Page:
Sunday, April 21, 2019

Orphans of the Sky (1941)

Robert Heinlein uses two long stories, "Universe" and "Common Sense," to think about one of the most difficult ethical problems of long-term space travel. If it's going to take multiple generations of time to get to another solar system, which is the best we can hope for from technology then and now still, that means the people setting out originally are the only ones with the choice of being there or not. Literature is full of stories of intergenerational conflict. Start with Oedipus—or Cain. That's probably not going to change just because you think you're on the adventure of a lifetime across the galaxy. That conflict is basically at the center of the two stories that make up Orphans of the Sky, with some ingenious twists. One is that, even though the original mission was intended to take only two or three generations at most, a mutiny, followed by religiously based ignorance, has left the sojourners believing the ship itself is the entirety of the universe. There is no anywhere else. It's a big ship but I'm sure you see the problem. Also, radiation has produced mutant strains who are ostracized and whose existence fuels a lot of the religious jingoism. Heinlein may be cynical but he's even more shrewd about human psychology. He gets away with the cynicism, in many ways like Mark Twain, because of the sunny disposition of his storytelling. Heinlein lives on a wonderful midcentury American attitude of can-do. His best characters are all about getting things done. This leads to various unbelievable points, such as the finish, but the well-scrubbed straight-shooter air nonetheless buoys it. I don't always agree with the main viewpoints in lots of Heinlein's work—he's way too militarist and capital-friendly for my tastes generally and the racial and sexual ideas can stray into the rancid. But it's easy to blame some of it on "the times" and rock along with his voice. Among other things he's about the work of imagining utopias, and his particular vision is one I can't help finding attractive, built on the urgency of our longing to know more and to explore. Heinlein obviously thought long and hard about the problems of multiple-generation space exploration. He's clearly not sure it's even feasible. But the resolve to do it is felt.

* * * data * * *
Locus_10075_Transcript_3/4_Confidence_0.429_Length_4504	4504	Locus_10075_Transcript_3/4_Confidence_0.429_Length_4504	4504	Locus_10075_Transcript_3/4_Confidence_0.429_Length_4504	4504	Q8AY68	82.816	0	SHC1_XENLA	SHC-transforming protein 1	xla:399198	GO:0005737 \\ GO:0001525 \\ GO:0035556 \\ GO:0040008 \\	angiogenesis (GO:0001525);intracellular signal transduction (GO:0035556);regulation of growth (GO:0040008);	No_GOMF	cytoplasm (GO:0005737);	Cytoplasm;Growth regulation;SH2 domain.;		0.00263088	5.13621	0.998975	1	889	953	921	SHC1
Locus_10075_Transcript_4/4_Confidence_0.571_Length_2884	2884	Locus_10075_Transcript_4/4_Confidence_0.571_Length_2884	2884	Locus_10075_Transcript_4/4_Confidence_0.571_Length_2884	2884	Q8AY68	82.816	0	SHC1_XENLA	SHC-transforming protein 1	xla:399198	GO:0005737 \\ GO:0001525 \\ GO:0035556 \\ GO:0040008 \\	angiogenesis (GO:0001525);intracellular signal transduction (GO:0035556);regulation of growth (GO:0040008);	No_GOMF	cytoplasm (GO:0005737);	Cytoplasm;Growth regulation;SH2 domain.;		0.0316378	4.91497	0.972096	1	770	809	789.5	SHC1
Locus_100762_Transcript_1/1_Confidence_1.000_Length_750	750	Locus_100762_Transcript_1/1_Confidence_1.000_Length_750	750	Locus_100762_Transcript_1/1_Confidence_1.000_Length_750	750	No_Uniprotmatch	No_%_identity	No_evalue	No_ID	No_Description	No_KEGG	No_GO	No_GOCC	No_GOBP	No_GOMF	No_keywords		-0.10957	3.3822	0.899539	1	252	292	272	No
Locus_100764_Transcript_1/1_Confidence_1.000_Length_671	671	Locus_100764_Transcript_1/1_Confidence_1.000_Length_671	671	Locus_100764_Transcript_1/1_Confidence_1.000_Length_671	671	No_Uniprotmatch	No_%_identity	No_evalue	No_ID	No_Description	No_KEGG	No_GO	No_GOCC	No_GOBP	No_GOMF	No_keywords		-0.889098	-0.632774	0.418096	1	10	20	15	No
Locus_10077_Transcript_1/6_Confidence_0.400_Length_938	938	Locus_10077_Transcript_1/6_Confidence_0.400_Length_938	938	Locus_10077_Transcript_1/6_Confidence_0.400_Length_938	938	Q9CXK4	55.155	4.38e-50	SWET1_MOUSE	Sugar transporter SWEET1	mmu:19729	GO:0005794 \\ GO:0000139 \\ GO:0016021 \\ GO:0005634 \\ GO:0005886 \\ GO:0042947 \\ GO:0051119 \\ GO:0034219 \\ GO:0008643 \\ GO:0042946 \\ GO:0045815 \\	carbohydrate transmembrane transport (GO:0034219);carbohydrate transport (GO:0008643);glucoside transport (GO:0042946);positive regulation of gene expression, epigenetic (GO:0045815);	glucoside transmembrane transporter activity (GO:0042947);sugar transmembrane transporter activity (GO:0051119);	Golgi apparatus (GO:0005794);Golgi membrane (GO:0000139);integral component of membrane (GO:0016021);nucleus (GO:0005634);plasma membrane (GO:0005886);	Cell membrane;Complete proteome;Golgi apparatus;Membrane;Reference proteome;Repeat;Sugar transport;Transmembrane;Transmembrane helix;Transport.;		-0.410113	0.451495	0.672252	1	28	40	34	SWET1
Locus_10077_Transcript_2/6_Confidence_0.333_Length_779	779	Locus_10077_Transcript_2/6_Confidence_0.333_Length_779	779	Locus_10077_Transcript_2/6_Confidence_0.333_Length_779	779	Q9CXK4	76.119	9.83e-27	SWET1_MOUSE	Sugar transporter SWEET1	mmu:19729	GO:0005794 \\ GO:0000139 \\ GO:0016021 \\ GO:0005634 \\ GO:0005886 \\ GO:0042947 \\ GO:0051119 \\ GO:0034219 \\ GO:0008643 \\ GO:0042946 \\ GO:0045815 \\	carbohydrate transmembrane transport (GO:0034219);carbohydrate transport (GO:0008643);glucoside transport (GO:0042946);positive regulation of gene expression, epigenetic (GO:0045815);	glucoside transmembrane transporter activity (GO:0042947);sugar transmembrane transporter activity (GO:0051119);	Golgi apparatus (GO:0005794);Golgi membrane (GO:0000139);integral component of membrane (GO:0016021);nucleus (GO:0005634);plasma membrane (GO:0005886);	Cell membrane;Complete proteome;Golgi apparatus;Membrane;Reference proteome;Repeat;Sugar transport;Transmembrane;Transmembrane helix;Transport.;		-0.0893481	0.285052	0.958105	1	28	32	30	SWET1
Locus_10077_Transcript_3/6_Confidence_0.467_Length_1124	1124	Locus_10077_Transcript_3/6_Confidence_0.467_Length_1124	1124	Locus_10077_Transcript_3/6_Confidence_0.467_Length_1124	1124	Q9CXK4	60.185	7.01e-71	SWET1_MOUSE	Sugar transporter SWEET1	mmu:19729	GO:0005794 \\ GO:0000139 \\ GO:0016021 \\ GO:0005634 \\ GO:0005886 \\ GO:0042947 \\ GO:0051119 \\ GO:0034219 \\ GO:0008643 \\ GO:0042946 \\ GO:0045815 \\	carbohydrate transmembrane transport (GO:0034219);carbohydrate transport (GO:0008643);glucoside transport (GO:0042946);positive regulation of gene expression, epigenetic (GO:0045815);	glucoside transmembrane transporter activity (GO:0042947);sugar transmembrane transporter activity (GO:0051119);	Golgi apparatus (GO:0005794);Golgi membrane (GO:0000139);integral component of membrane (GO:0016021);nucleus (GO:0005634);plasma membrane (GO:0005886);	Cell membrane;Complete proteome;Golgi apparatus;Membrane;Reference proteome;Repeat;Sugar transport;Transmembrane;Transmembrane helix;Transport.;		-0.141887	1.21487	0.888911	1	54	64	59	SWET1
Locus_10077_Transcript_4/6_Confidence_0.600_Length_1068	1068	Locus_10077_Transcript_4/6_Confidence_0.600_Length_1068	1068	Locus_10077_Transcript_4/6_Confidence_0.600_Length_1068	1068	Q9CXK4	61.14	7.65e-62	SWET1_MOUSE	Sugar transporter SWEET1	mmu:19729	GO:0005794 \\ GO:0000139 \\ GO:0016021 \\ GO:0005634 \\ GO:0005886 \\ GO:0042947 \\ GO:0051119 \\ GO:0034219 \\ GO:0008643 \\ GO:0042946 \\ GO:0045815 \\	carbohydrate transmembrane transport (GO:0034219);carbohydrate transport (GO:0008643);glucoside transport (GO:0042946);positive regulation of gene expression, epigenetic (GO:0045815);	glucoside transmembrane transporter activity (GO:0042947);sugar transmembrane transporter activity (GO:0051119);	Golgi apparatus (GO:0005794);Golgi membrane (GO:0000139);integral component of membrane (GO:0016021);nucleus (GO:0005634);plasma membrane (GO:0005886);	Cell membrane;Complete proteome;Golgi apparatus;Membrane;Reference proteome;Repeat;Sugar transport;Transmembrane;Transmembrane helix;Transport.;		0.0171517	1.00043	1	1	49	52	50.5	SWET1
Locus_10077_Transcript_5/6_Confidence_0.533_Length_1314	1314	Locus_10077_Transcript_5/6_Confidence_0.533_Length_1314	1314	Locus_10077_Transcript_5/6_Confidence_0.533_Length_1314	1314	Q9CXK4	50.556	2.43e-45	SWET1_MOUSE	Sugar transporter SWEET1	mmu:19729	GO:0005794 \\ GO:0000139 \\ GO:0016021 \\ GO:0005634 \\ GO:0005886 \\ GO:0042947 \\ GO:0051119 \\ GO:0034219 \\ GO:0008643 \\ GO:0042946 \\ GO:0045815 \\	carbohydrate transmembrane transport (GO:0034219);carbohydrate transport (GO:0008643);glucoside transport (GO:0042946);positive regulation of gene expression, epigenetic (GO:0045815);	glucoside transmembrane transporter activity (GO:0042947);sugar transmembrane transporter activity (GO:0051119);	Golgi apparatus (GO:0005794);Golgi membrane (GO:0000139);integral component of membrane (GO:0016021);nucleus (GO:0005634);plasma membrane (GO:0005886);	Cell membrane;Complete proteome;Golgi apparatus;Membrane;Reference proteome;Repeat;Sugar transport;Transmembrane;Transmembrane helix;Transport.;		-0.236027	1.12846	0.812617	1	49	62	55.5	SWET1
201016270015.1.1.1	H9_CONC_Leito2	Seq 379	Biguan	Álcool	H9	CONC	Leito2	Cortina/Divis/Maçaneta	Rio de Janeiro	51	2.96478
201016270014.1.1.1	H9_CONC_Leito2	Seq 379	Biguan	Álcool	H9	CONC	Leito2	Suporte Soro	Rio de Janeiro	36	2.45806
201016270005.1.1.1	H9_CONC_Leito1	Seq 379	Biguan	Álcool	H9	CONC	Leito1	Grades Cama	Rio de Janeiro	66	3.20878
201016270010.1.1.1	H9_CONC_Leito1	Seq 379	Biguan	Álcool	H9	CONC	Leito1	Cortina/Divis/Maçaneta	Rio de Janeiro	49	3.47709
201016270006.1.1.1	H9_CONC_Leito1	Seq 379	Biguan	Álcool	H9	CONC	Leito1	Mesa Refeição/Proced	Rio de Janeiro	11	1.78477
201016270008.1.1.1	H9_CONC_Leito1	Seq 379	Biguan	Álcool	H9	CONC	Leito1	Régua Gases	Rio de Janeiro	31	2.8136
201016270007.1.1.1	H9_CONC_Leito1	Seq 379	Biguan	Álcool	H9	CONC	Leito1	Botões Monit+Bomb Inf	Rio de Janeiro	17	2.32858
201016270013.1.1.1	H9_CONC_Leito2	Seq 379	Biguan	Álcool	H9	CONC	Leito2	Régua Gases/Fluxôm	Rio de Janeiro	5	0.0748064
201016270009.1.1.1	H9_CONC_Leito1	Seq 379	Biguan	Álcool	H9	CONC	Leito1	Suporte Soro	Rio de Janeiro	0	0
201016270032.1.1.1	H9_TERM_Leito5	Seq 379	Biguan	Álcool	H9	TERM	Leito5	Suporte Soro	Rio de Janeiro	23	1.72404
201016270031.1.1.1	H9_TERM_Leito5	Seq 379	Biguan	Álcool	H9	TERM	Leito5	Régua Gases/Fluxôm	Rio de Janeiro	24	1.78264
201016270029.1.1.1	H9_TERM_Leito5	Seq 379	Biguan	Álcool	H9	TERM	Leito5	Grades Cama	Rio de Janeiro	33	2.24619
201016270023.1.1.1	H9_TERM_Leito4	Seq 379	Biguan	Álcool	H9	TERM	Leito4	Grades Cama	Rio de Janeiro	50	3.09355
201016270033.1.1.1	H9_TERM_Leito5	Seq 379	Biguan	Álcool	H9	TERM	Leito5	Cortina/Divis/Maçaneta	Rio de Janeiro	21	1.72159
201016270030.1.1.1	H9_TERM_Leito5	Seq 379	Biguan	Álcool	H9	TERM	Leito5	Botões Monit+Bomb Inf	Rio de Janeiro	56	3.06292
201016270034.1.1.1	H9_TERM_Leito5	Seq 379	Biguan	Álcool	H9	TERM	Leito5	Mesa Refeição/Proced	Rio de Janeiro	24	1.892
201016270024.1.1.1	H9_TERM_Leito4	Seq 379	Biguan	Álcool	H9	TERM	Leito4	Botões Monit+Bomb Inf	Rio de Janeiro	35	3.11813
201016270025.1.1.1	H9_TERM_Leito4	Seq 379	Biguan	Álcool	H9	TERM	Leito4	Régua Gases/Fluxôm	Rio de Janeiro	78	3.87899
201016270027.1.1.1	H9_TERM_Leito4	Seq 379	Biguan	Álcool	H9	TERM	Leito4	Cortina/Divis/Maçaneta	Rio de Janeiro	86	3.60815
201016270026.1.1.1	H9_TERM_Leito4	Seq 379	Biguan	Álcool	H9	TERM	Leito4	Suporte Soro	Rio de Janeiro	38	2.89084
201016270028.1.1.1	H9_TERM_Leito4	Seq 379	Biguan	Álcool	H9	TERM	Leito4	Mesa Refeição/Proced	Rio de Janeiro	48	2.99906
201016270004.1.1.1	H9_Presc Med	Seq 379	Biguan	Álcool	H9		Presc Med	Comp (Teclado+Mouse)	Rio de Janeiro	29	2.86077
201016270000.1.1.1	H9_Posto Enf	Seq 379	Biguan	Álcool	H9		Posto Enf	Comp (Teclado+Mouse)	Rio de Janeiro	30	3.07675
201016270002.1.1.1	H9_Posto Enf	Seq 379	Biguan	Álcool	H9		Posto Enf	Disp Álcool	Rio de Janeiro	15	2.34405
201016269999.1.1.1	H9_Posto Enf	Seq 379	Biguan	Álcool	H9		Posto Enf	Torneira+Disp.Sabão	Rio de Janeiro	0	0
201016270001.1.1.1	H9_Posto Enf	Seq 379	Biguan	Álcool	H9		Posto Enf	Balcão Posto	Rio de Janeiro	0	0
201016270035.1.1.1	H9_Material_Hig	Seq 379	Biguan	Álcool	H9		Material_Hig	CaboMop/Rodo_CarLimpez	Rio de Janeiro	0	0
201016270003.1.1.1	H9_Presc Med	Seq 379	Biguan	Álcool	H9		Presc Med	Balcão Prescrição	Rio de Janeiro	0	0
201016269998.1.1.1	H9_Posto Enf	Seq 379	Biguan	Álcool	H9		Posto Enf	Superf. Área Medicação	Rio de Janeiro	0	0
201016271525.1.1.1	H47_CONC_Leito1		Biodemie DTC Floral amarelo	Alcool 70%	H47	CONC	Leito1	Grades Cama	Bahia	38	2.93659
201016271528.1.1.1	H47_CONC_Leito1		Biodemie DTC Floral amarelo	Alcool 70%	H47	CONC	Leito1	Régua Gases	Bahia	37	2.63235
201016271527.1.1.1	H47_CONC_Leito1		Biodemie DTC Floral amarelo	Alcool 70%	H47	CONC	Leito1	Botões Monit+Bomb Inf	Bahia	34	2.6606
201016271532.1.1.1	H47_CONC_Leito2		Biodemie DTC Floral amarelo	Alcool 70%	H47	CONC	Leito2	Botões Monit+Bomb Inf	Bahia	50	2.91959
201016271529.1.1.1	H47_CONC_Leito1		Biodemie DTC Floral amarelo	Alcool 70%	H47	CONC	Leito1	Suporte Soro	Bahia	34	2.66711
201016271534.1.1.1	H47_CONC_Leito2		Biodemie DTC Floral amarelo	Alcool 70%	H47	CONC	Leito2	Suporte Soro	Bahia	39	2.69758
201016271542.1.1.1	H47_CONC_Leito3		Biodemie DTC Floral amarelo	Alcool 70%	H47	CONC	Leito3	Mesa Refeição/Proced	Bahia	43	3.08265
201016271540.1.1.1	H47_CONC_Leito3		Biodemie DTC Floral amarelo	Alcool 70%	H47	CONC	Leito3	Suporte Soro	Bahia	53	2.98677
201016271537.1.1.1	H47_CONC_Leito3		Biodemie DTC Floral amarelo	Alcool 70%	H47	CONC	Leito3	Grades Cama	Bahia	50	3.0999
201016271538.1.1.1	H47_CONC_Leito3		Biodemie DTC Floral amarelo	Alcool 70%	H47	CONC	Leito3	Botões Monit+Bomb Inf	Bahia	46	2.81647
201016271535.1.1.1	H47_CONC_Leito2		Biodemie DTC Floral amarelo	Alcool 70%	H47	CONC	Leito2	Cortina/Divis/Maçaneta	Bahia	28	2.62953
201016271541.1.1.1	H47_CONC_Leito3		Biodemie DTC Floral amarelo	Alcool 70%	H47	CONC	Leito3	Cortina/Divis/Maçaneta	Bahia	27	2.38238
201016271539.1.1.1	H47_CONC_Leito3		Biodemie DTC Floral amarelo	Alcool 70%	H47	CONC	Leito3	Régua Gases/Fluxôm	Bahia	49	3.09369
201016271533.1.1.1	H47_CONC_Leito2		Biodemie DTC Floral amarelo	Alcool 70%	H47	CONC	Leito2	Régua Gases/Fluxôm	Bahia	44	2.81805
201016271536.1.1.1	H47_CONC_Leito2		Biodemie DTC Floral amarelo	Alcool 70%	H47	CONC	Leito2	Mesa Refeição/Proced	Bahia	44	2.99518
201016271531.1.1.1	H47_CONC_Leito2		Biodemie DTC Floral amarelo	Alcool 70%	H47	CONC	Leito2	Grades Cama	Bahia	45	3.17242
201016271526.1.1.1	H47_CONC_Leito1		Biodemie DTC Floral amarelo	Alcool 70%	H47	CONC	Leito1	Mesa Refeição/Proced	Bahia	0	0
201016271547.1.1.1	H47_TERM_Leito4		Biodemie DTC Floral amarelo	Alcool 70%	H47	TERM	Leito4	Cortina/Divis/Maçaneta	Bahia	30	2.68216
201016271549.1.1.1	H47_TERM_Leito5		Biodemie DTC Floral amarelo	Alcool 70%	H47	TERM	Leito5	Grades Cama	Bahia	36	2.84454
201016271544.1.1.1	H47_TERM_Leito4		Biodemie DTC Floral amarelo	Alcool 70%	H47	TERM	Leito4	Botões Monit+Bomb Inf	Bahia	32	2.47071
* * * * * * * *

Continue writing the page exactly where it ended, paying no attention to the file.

In case it's not at the library.

No comments:

Post a Comment